SAN ANTONIO — The world's most unpleasant smelling flower is about to bloom at the San Antonio Zoo. The corpse flower, which is native to the rainforests of Sumatra in Indonesia, is an endangered plant that can take more than ten years to bloom for the first time.
It is most famously known for the powerful rotting flesh odor it releases, which is why it was named the corpse flower. This is the first known instance of a corpse flower blooming right here in San Antonio.
“Get your nostrils ready,” said Tim Morrow, President and CEO of San Antonio Zoo. “Our team estimates the plant could bloom in the next 10 days! This is a rather rare occurrence and a very exciting moment for our community and conservation. We invite everyone to act fast to see and smell this piece of history before the short bloom watch window is up!”
The related video above was originally published September 13, 2020.
The stinky flower was moved on Friday for public viewing near the ‘Back From The Brink’ Whooping Crane habitat. You are welcome to join the bloom watch of the plant now until its peak blossom window is up, which could be anytime in the next ten days. The malodorous flower will remain blossomed anywhere from one to four days.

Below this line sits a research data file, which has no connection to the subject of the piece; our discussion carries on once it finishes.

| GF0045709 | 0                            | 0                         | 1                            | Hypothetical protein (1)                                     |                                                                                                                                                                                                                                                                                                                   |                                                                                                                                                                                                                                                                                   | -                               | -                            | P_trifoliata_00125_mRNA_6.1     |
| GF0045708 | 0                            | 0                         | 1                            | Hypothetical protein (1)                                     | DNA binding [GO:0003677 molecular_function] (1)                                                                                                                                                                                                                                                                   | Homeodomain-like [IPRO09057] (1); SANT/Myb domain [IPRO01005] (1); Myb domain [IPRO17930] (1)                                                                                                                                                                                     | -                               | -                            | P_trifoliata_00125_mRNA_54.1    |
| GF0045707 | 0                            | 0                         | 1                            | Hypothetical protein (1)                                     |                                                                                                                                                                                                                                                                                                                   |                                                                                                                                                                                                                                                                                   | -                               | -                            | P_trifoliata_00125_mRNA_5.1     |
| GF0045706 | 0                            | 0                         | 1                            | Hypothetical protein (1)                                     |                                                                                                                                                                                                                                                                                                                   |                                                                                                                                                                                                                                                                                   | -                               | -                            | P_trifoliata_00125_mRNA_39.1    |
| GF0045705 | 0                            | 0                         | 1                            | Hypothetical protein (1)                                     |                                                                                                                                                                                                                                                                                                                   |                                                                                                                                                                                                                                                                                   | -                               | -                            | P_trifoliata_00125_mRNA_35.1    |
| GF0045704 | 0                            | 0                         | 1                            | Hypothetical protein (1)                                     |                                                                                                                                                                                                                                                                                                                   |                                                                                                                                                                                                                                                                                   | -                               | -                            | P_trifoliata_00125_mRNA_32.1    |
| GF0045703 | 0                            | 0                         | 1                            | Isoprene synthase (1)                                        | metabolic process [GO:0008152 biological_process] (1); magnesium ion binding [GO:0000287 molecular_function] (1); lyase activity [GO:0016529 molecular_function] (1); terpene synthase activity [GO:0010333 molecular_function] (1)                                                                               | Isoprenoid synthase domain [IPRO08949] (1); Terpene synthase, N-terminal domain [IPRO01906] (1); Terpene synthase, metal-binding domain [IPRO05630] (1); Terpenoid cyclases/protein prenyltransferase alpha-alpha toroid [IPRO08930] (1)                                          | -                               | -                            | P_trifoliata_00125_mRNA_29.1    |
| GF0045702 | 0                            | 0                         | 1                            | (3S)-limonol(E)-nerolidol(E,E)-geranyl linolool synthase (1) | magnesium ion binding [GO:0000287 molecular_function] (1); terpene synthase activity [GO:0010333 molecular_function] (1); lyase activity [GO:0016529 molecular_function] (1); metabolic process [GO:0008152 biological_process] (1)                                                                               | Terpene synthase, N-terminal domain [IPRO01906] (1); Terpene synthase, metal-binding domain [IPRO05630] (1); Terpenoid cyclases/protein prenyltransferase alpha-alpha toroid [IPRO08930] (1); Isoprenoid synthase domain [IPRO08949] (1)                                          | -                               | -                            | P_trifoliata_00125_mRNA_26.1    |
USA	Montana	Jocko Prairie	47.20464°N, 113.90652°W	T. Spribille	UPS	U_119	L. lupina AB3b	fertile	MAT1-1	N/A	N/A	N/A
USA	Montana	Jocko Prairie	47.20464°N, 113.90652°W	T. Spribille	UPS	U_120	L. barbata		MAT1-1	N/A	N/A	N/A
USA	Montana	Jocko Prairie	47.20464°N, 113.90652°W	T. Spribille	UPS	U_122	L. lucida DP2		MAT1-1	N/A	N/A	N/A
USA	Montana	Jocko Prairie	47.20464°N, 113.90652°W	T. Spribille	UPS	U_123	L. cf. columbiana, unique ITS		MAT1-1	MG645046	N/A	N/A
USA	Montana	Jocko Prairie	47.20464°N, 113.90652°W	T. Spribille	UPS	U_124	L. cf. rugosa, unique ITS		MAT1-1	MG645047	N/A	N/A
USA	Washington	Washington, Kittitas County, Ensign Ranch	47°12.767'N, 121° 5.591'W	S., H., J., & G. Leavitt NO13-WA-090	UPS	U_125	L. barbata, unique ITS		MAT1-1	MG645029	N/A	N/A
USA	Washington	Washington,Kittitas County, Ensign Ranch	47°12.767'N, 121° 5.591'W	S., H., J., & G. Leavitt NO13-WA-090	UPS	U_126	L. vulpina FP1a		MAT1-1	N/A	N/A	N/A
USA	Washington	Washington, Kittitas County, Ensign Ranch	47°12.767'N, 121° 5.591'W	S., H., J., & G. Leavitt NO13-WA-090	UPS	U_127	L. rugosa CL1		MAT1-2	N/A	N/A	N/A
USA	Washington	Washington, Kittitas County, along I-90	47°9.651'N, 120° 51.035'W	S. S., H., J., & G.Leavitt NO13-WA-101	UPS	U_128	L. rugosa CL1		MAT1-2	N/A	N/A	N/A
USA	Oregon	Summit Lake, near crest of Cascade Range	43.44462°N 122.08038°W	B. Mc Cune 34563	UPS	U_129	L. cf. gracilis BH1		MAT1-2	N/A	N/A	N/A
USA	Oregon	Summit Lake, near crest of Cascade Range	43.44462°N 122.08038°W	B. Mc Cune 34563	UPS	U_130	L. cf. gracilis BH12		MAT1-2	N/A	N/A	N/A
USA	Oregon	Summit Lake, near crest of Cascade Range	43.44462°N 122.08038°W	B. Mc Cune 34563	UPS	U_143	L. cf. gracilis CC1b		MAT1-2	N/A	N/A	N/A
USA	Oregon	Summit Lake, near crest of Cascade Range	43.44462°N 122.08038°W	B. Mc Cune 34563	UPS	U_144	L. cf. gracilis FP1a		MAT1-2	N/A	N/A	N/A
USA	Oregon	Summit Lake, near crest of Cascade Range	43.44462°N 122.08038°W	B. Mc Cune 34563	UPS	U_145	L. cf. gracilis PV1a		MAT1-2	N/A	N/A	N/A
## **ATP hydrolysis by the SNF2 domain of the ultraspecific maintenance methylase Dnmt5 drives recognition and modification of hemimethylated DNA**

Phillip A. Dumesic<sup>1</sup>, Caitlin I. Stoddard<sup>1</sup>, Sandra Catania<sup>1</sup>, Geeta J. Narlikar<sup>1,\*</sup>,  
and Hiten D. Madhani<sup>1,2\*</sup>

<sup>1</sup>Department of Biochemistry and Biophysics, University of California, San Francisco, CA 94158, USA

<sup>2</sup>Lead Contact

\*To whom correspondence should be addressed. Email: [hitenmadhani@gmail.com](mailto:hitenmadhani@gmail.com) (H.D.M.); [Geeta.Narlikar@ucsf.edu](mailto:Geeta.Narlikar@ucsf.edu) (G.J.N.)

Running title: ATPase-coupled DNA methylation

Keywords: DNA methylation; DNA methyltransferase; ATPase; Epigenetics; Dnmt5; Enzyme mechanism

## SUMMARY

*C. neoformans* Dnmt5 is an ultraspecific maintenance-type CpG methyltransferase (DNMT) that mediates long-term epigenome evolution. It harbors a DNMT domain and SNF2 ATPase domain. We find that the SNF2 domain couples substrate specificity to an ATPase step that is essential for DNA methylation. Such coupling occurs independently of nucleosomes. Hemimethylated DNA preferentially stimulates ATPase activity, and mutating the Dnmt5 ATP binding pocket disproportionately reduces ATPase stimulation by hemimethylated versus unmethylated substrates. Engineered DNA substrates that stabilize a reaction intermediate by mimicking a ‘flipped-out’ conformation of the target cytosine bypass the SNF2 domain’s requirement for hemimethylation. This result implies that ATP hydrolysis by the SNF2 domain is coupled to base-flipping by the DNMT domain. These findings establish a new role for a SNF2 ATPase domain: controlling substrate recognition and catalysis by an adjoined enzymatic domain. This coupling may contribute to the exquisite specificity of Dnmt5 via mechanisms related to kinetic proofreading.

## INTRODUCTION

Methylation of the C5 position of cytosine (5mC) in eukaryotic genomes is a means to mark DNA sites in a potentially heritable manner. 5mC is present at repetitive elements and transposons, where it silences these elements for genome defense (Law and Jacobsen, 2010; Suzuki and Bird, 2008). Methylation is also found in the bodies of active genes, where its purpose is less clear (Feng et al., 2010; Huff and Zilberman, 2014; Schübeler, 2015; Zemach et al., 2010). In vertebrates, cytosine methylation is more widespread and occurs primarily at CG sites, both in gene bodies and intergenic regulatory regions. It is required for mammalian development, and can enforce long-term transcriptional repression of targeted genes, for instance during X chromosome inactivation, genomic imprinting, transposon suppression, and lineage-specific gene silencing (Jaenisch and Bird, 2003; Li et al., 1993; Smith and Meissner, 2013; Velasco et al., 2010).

Follow San Antonio Zoo’s social media pages for updates on size and bloom watch.
“These plants are very delicate and typically give us signs when they are ready to blossom,” said Dr. Dante Fenolio, VP of Conservation & Research at San Antonio Zoo. “Once we see those indicators, we have around 24 hours until its incredible and rare reveal!”
The corpse flower reaches heights of up to eight feet tall and will generate its own heat, which allows the stench to travel even further. The powerful scent, reminiscent of a decaying corpse, is produced by more than 30 chemicals and attracts carrion beetles and flesh flies who pollinate the flower.
San Antonio Zoo plans to collect pollen and tissue samples from the bloom for genetic study, and compare it to others in its rapidly dwindling population.
Fewer than 1,000 corpse flowers are estimated to remain in the wild, with a sharp decline in the last century.
The corpse flower was a gift from The Huntington in California.